January 19, 2017
Did you know that February is the National Pet Dental Month?
If you are the owner of a cat or dog that is seen for regular care such as vaccinations and treatments for the prevention of seasonal parasites (intestinal worms, heartworm, fleas, ticks), why not also ask for a dental evaluation for your beloved pet? Perhaps you have recently noticed some tartar accumulation or particularly bad breath. If you recognize these early signs of tooth decay in your pet, it is best not to wait. Accumulated tartar can cause gingivitis and eventually lead to the loss of teeth. Consider consulting your veterinarian as soon as possible for dental recommendations.
Dental tartar and plaque: not simply a cosmetic issue
Dental plaque contains salivary proteins, food particles and bacteria that can transform into tartar in 24-48 hours, after which a curettage is required to remove it. Initially, accumulated plaque and tartar cause the teeth to appear stained or yellow. With time, the gums become red and inflamed (gingivitis). As further accumulation occurs, the gums begin to recede, causing the destruction of the periodontal ligament, the ligament that hold the teeth in place. Further damage to the gums can cause a very unhealthy and painful condition of the mouth, including loose teeth, bone loss in the jaw, and dental abscesses.
Prevention of tooth decay at home and by the veterinarian
Measures can be taken to help prevent periodontal disease in your pet.
At the top of the list and the most efficient way to prevent the accumulation of tartar on the teeth is to brush them regularly with a toothbrush and toothpaste specifically designed for animals. The reality with some pets is that this is easier said than done. Dogs and cats are not always cooperative and finding the time in a busy schedule to clean their teeth can sometimes be a challenge. For these reasons, the veterinarian may suggest alternatives to brushing, what are known as ‘’passive’’ methods of prevention.
Dental diets or tartar prevention diets are available in veterinary clinics and are extremely efficient. The kibbles of these foods are particularly hard and large, which causes the tartar to be scraped from the teeth mechanically with every bite. This may not be a good alternative if, despite the large pieces, your pet tends to swallow his food whole.
Other suggestions for regular dental hygiene include liquids or gels that may be added to the drinking water that prevent tartar accumulation, dental chews that incorporate enzymes to break down tartar, chew toys, etc. Pet owners who are particularly motivated may use all of the above suggestions or a combination of the ones that work best for them and have the best results. For example, a dental diet in combination with regular brushing and an occasional dental chew work very well to help prevent dental disease.
Regardless of all these preventive measures listed above, cats and dogs require dental cleaning and polishing of the teeth, just like their human companions. A dental prophylaxis performed by a veterinarian may be the best defence in preventing the advanced stages of periodontal disease which too often result in dental extractions.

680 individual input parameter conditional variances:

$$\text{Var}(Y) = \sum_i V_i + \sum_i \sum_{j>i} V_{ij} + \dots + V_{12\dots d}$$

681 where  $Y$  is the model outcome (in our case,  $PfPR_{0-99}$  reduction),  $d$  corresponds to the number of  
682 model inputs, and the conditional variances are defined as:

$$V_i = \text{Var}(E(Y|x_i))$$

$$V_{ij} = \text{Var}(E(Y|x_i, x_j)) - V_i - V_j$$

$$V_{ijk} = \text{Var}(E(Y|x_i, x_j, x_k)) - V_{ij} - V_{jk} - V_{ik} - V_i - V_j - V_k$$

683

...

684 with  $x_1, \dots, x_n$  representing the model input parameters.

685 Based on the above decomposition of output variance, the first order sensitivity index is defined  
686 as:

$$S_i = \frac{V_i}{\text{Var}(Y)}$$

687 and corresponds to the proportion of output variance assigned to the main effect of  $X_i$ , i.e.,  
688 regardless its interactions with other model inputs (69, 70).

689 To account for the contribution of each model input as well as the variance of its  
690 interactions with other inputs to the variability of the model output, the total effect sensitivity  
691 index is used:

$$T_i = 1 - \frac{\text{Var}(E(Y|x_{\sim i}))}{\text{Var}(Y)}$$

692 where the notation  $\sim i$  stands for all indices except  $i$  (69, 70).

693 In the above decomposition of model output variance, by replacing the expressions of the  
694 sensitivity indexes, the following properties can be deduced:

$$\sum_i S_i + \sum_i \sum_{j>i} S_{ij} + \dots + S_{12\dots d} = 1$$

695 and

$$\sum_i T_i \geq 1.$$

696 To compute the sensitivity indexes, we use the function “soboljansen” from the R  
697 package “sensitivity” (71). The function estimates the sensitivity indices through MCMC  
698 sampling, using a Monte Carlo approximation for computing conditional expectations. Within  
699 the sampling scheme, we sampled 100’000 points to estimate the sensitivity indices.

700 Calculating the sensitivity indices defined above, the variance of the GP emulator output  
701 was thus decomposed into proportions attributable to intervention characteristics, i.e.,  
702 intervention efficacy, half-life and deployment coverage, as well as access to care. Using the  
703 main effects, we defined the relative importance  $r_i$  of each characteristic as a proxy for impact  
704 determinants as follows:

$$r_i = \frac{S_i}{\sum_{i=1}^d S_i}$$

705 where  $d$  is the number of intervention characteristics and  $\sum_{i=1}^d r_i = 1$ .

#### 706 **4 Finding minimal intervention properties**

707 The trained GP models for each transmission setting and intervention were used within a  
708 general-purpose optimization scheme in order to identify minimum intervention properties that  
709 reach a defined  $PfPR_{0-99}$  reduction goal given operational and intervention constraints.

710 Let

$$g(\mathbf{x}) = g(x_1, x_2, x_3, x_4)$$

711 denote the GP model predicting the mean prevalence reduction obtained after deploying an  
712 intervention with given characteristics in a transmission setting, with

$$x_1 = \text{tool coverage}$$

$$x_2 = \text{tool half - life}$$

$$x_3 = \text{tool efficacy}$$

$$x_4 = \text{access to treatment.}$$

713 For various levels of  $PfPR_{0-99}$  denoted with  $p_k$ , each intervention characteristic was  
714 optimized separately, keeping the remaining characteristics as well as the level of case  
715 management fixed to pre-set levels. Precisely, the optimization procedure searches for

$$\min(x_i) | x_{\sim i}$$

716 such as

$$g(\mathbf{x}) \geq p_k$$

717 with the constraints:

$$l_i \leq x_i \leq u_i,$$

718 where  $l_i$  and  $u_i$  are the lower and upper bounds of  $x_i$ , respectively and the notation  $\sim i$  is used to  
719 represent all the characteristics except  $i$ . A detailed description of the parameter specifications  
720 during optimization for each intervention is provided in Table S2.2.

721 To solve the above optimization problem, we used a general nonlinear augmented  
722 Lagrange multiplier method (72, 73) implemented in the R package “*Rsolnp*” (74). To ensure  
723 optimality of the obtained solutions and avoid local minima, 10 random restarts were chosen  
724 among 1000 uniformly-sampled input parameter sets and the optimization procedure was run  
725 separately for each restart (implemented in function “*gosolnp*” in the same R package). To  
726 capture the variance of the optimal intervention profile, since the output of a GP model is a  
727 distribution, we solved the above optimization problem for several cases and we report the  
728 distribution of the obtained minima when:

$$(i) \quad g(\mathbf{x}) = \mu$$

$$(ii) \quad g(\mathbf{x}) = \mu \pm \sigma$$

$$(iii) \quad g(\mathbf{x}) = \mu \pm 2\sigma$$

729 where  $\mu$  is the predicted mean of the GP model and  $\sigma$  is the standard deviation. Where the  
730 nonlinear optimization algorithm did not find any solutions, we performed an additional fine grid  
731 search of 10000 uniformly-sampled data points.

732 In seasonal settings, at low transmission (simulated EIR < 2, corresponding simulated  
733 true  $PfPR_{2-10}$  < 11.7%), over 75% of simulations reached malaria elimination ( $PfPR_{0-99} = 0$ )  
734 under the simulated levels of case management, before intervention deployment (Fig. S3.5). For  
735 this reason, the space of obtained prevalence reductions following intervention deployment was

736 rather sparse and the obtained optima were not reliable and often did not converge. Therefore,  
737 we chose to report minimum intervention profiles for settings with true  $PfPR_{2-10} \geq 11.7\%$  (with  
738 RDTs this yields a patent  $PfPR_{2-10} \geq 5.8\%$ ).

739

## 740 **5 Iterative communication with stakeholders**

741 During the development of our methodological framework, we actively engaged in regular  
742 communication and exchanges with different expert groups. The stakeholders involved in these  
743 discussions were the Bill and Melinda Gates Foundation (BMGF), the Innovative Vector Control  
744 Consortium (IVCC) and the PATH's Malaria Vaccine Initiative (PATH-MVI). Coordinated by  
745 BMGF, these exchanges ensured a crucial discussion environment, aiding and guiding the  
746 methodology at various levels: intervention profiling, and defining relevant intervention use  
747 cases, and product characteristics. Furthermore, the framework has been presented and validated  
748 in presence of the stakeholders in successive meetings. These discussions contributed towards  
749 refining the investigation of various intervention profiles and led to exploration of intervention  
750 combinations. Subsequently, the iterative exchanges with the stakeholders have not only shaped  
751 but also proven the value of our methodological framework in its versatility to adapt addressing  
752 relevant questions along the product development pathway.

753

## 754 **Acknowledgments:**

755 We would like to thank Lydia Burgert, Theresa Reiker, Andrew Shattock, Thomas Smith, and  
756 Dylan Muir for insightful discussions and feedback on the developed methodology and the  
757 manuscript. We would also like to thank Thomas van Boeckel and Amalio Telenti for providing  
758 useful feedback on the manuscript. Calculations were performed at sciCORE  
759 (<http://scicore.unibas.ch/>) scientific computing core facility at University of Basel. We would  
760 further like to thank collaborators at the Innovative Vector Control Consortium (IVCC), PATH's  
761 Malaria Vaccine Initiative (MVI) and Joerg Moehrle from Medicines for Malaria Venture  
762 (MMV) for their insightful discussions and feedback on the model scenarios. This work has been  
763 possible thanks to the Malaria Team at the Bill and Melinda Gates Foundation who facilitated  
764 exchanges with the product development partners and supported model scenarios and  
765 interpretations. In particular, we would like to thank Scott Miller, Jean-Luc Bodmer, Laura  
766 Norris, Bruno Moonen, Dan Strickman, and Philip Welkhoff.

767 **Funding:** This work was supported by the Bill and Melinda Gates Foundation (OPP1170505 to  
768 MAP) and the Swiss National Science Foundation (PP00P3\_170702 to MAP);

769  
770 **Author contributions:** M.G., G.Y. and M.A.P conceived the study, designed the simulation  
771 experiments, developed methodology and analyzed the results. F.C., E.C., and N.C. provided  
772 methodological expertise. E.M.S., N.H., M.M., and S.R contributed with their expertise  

Dr. Pierre Gagnon, a veterinarian experienced in dental care
Dr. Pierre Gagnon has a passion for dental health in felines and canines. Having regularly attended conferences in advanced dental care and with his years of experience, Dr. Gagnon has acquired exceptional skill in dental techniques. When one of his patients is no longer responding to at-home prevention and requires intervention, Dr. Gagnon will recommend dental surgery with the aim of restoring a level of comfort to the pet which he knows is essential to his/her quality of life. With the assistance of digital dental X-Ray, Dr. Gagnon is able to diagnose particular dental problems and pathologies otherwise missed or overlooked in a mouth that may appear normal. As in humans, there exist certain dental pathologies such as resorptive lesions or fractures that can be detected with dental X-Ray, which is recommended at every routine dental cleaning. With admirable patience and perseverance, Dr. Gagnon is able to remove tiny fragments of fractured or decayed teeth that, if left in place, could cause infection or disease in the future if not removed.
Anesthesia, pain management and the security of the patient
General anesthesia, which is required for every professional dental cleaning, is occasionally a point of concern for our clients. Our hospital provides the most complete anesthetic monitoring for every patient during all dental procedures, simple and complex.
– Intravenous fluids to maintain blood pressure
– The most efficient device for maintaining body temperature without the risk of burning.
– Incubator for small animals during the period of recovery.
– Constant monitoring of vital signs by an animal health technician during the entire procedure (Blood pressure, heart rate, electrocardiogram, oxygen saturation, temperature).
If there are dental extractions required a protocol of pain management is begun even before the patient awakens from anesthesia. The doctor will administer anti-inflammatory and analgesic medications by injection, followed by an infusion of medications by intravenous drip during recovery. This protocol favours a gentle and relatively pain free experience, allowing the patient to recover quickly and comfortably.
A mouth that is free from tartar, gingivitis and resorptive lesions will be much more comfortable after surgery and will provide a better quality of life. Pet owners often notice a significant difference in the attitude and energy of their companion after dental surgery, not to mention the incredible improvement in their breath!
Please do not hesitate to contact our health care team if you would like more information about dental disease prevention for your pet. We will be happy to explain the benefits and options available for good dental health.